Another role I’ve taken with Man Up is that of social media manager. I actually began doing that in mid-summer during the World Cup. I don’t produce every tweet, pin, share, post, and “like” on our platforms, but the majority of them do come from me. Since I took the social media reins, the Man Up Campaign has gained more than 700 new followers on Twitter, started a set of Pinterest boards, and launched a group discussion page on LinkedIn. We still maintain an organizational Facebook page, but I much prefer the nearly immediate interactivity that Twitter and the LinkedIn discussion group offer, so those are the platforms I’ve been emphasizing.
Social media really does wonders for bringing activists together. It’s enabled Man Up to make substantive connections with men and women around the world who share a passion for ending gender-based violence and advancing gender equality. Some of these are activists in sub-Saharan Africa, dealing with widespread female genital mutilation and the highly common practice of marrying off girls as brides. Others labor diligently in Europe and Australia, wrestling as we do in the U.S. with deeply embedded sexism in cultures that otherwise seem rather liberal. Yet others among our new connections are influential journalists and newsmakers. The latter group includes leaders in the movement to seek justice for campus assault survivors, and even some of the experts on violence against women that have been called upon by the National Football League.
Perhaps my most important social media interactions have been with a small group of women who are sparking a movement against campus rape at Pace University in New York City. On Valentine’s Day of this past year, a woman was sexually assaulted there. Even though the Huffington Post had reported on it this summer, school officials appeared to remain largely silent about concerns over how they handled the case. The women felt deeply troubled by the school’s actions, or seeming lack thereof, and came together to take action.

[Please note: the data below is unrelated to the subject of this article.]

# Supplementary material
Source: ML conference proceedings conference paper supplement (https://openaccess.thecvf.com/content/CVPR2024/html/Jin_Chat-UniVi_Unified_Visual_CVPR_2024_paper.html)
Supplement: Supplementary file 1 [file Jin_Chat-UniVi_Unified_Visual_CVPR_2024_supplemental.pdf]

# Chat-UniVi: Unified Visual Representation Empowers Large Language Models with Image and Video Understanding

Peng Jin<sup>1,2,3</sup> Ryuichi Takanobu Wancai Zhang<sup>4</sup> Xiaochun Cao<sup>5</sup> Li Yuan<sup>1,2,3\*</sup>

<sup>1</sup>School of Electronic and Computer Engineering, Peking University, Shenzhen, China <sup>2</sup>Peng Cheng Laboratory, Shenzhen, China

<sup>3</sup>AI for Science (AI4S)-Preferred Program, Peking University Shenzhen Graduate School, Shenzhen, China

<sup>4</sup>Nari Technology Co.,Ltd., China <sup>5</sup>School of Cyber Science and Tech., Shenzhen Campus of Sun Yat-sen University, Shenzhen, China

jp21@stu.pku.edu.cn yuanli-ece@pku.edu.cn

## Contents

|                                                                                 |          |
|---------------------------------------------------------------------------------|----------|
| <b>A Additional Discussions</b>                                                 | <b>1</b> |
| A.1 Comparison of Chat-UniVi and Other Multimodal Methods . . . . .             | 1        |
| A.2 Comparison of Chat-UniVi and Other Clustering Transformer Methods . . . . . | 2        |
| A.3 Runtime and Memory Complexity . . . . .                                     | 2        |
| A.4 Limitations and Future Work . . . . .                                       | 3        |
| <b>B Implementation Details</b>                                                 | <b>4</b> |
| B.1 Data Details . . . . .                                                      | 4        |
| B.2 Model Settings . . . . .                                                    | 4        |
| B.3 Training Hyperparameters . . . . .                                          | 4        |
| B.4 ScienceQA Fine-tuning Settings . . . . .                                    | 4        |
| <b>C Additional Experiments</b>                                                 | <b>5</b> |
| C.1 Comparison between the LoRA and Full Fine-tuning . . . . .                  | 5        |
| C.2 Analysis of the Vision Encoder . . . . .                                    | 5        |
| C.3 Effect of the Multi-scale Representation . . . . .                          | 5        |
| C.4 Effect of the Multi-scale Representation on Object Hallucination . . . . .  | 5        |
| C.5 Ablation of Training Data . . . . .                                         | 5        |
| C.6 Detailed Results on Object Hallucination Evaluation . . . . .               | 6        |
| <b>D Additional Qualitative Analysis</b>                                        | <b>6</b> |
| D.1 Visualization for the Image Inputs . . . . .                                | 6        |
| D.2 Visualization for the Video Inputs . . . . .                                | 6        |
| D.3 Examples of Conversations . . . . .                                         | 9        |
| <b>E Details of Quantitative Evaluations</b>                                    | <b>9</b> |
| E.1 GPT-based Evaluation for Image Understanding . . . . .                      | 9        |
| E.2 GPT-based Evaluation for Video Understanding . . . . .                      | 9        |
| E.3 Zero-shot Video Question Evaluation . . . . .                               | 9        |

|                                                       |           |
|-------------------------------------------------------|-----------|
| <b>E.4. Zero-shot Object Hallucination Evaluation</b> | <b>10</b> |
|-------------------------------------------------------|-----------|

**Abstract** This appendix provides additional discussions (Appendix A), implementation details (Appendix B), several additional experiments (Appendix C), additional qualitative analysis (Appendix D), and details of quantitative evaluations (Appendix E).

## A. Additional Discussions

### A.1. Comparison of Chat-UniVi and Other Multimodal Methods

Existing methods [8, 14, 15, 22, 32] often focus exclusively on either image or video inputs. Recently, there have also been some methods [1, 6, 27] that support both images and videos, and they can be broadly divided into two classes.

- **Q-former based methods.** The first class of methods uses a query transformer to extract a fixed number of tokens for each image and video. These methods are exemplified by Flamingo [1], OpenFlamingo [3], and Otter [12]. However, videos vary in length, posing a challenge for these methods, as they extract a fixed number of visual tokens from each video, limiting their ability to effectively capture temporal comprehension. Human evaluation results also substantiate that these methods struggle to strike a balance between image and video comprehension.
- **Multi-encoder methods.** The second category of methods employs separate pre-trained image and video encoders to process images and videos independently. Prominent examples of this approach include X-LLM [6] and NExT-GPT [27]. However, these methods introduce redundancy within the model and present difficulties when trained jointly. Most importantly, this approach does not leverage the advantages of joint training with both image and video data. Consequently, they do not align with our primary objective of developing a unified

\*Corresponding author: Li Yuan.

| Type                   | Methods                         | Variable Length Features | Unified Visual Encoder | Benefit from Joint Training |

In the process of starting their work, they stumbled onto @ManUpCampaign, the Man Up Campaign’s Twitter account. They reached out to us, and over the last several weeks I’ve offered them encouragement, advice, and the above graphic. All I did on the graphic, actually, was take their “Pace U. End Rape” circle from its previous background and superimpose it onto a photo of one of the school’s iconic buildings. I then made it into the wallpaper header for @ManUpCampaign. It wasn’t much, but it meant a lot to these women. One of them said she cried when she saw it. Four of them made it their Twitter wallpaper headers, too. And their own persistence has paid off; the university’s dean of students met with them, other students, and even faculty members in a forum a couple of weeks ago. Initial indications are that the forum went well!
Perhaps this will be one of the major contributions I can make as a Man Up Campaign staffer: to provide encouragement to other people who are also working hard against gender-based violence.
So as the Man Up Campaign’s man in So-Cal and on so-cial, I’m finding that this adventure is really picking up steam!
A dad, writer, and activist, Eugene Hung writes Asiance’s Raising Asian American Daughters blog. His work has also appeared on FINDINGbalance.com, 8Asians.com, ThickDumplingSkin.com, and CatalyticWomen.com. He tweets via @eughung.